The structure of this paper is as follows: the Section 2 is the research status analysis, the Section 3 is the model design, the Section 4 is the experimental design and experimental results analysis, and the Section 5 is the conclusion.

2 Research status analysis

At present, there is a lot of research in the field of crack identification (Jieh-Haur et al., 2017; Li et al., 2017; Liu et al., 2021; Asadi Shamsabadi et al., 2022; Liu et al., 2023).

Among them, literature Jieh-Haur et al. (2017) adopted self-organizing map optimization (SOMO) integrated with image processing techniques to develop a crack recognition model for bridge inspection. Bridge crack data from 216 images were collected from the database of the Taiwan Bridge Management System, which provides detailed information on the condition of bridges. Its methods and datasets are different from those in this paper. Literature Li et al. (2017) developed a machine learning-based algorithm for extracting cracks from concrete bridge images which combines a modified region-based active contour model for image segmentation and the linear support vector machine using a greedy search strategy for noise elimination. Literature Liu et al. (2021) proposed an approach to recognize concrete crack patterns from images. By analyzing the characteristics of structural and non-structural cracks, a binary classification of crack patterns into isolated patterns and map patterns was proposed. The recognition of crack patterns was performed through similarity comparisons using the Differentiable-Image-Saliency-Transform-for-Improved-Scalability-and-Portability-of-Image-Quality-Assessment (DISTS) index. Various parameters that may affect the performance were investigated through several experiments conducted using real-world images. The methods and purposes in literatures Li et al. (2017), Liu et al. (2021) are different from those of this paper. Literature Asadi Shamsabadi et al. (2022) proposed a vision transformer (ViT)-based framework for crack detection on asphalt and concrete surfaces. With transfer learning and the differentiable intersection over union (IoU) loss function, the encoder-decoder network equipped with ViT could achieve an enhanced real-world crack segmentation performance. Compared to the Convolutional-Neural-Networks (CNN) based models (DeepLabv3+ and U-Net), TransUNet with a CNN-ViT backbone achieved up to ∼61% and ∼3.8% better mean IoU on the original images of the respective datasets with very small and multi-scale crack semantics. The model principle and mechanism of literature Asadi Shamsabadi et al. (2022) is different from that of this paper. Literature Liu et al. (2023) described a You-Only-Look-Once-version-three (YOLOv3) model with four-scale detection layers (FDL) to detect combined B-scan and C-scan ground-penetrating-radar (GPR) images subject to poor detection effects and a high missed detection rate of small crack feature sizes. Multiscale fusion structures, efficient intersection over union (EIoU) loss function, K-means++ clustering, and hyperparameter optimization were used in this proposed model to further improve detection performance.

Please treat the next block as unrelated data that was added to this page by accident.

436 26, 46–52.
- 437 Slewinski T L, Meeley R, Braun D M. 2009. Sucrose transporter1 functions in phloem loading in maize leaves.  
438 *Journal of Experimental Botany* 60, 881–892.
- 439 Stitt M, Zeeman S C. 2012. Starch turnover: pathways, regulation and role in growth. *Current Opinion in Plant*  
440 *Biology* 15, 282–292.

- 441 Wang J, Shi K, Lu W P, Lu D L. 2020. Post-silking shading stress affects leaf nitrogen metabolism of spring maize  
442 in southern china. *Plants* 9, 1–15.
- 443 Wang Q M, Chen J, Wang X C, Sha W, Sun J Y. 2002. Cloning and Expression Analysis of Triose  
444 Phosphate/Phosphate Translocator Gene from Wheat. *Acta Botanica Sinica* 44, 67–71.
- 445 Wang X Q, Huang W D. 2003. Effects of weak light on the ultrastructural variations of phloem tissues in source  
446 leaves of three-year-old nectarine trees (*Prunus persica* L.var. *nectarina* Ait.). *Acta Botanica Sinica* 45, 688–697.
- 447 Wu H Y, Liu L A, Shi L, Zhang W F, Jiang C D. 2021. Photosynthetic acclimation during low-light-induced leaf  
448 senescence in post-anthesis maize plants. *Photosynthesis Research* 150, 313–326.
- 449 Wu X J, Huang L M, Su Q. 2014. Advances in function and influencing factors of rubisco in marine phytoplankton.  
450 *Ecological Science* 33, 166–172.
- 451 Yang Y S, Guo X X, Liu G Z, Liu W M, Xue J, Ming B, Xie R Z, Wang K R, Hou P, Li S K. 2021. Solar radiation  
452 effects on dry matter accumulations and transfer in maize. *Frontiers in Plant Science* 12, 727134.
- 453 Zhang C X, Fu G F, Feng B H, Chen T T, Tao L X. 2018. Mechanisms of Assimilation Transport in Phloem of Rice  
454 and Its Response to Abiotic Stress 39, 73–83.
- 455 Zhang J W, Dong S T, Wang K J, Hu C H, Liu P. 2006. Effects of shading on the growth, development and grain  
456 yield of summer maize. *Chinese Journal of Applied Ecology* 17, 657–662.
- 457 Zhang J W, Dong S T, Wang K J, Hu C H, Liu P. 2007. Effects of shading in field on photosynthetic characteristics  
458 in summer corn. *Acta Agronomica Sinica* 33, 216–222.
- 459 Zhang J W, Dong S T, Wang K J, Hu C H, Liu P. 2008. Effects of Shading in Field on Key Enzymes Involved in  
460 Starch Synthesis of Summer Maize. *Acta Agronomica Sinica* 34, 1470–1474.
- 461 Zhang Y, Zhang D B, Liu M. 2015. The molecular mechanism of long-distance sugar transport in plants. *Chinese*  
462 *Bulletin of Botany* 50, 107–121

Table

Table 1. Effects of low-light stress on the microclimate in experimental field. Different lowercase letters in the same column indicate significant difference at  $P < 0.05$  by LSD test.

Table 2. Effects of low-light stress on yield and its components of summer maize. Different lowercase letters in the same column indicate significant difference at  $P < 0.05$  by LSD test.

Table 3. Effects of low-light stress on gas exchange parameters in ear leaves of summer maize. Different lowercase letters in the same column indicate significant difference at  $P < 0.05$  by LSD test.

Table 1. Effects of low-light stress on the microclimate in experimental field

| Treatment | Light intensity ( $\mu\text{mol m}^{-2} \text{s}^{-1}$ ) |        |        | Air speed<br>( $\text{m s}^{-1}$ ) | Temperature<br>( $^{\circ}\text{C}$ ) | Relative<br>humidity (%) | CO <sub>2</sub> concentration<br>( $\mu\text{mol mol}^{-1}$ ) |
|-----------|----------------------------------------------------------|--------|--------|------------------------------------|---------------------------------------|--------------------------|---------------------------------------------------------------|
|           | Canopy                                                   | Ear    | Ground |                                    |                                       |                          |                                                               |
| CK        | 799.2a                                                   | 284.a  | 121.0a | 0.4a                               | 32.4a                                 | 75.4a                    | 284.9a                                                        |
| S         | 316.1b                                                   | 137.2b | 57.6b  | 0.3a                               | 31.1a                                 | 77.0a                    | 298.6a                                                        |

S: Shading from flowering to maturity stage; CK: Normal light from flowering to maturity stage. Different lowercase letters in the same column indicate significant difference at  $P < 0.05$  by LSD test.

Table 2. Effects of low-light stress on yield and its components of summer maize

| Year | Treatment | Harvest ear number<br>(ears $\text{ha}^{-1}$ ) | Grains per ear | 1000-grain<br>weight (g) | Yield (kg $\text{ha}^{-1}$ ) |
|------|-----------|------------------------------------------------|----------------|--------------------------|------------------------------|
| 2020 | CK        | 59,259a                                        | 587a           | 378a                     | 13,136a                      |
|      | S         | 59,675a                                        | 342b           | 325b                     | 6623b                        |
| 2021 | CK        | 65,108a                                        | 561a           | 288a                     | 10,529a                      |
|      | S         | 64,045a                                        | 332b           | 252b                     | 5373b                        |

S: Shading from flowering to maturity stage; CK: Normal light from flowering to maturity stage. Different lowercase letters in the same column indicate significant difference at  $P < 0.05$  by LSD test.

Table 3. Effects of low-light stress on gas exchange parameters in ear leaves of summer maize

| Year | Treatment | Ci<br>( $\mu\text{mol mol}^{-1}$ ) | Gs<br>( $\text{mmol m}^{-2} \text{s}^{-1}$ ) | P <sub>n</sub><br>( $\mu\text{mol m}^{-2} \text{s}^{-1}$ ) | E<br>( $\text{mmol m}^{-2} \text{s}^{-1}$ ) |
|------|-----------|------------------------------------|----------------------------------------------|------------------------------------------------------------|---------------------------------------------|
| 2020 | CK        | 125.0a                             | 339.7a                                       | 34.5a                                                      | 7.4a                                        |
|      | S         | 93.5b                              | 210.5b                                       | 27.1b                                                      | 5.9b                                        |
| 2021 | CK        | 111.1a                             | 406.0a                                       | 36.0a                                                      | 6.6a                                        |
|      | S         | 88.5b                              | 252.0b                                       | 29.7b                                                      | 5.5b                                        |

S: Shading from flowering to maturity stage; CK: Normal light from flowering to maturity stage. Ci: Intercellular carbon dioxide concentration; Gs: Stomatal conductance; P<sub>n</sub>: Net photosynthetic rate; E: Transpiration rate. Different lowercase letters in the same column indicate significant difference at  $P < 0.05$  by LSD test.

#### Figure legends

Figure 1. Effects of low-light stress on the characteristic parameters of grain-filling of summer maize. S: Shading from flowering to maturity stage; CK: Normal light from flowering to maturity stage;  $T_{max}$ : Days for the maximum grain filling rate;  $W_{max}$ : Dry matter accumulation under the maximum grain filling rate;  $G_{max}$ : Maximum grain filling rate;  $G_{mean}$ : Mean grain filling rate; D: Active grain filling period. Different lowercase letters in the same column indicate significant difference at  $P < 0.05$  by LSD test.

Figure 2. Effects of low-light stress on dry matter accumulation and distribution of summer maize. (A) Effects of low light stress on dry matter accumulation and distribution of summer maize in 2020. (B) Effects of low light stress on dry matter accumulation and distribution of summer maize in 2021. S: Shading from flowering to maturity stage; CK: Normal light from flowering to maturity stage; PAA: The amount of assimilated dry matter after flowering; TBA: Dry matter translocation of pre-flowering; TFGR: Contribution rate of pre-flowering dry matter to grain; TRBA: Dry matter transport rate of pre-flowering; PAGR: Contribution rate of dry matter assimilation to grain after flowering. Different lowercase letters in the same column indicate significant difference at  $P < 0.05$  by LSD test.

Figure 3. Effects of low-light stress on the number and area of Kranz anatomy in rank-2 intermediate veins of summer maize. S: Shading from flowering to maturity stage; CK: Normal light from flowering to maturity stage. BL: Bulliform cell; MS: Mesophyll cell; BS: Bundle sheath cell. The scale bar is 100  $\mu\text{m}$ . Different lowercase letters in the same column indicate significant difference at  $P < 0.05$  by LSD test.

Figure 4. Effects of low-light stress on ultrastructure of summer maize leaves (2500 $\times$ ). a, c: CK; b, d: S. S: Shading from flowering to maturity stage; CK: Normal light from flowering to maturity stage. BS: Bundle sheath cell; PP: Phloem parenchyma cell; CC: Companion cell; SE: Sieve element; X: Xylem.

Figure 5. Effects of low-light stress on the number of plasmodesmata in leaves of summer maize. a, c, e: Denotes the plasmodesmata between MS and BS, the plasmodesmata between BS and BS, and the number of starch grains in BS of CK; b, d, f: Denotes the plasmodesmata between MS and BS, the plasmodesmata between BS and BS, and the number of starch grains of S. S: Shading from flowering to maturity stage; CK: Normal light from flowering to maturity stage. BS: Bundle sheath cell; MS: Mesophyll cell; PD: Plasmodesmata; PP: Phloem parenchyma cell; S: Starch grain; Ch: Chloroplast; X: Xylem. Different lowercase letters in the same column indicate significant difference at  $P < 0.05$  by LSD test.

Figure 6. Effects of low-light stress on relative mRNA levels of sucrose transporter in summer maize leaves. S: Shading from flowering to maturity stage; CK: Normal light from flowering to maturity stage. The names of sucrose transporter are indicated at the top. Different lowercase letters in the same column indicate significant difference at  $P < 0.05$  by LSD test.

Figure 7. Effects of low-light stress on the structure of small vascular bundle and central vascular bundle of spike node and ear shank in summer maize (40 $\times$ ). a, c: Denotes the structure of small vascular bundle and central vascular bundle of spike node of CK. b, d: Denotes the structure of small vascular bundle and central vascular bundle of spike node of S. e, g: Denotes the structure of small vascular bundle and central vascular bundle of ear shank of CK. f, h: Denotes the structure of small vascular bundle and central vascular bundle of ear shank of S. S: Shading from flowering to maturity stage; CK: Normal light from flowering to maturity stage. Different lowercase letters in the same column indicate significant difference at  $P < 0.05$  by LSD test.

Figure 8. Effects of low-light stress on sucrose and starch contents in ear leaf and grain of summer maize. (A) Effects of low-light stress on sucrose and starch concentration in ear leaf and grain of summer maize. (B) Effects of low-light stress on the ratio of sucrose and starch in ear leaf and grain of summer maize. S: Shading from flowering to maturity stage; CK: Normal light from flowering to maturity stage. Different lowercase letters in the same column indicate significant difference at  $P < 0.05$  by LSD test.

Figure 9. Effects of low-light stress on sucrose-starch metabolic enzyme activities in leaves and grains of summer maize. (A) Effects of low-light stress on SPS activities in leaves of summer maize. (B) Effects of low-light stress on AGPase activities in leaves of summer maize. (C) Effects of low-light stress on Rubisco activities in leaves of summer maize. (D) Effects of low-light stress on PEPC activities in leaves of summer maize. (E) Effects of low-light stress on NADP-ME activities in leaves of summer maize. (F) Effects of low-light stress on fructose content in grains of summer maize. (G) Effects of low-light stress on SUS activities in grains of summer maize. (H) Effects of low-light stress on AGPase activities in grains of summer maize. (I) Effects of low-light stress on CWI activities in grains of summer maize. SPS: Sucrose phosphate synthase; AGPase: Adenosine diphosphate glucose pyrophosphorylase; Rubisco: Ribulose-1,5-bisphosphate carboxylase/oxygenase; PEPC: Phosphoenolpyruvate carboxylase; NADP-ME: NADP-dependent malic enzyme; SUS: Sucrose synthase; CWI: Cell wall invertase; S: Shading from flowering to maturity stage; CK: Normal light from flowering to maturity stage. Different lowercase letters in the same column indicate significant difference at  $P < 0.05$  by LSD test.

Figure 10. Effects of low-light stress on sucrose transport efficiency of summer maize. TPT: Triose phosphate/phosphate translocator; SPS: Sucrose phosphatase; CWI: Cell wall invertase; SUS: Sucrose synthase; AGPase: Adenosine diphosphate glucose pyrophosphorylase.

We focus on the models in literature Cao et al. (2020), Xiang et al. (2020), Berman et al. (2018), Zhu et al. (2022), Qu et al. (2022) using the same evaluation index and datasets in the application of research into building crack identification.

Literature (Cao et al., 2020), the attention mechanism was joined to the encoder and decoder of the nerual network structure for road surface crack detection. Compared with other advanced detection methods, this method achieved the highest F1 score of 0.69.

Literature Xiang et al. (2020) proposed an end-to-end convolutional neural network based on pyramid features and attention mechanisms for pavement crack detection. The spatial channel combination attention module is introduced in the Fully-Convolutional-Networks (FCN) network to refine the fracture characteristics. Extended convolution is used to reduce the loss of crack detail due to pooling operation in encoder networks. In addition, the hinge loss function (Berman et al., 2018) is introduced to apply to small objects. Experimental results showed that it has a better effect.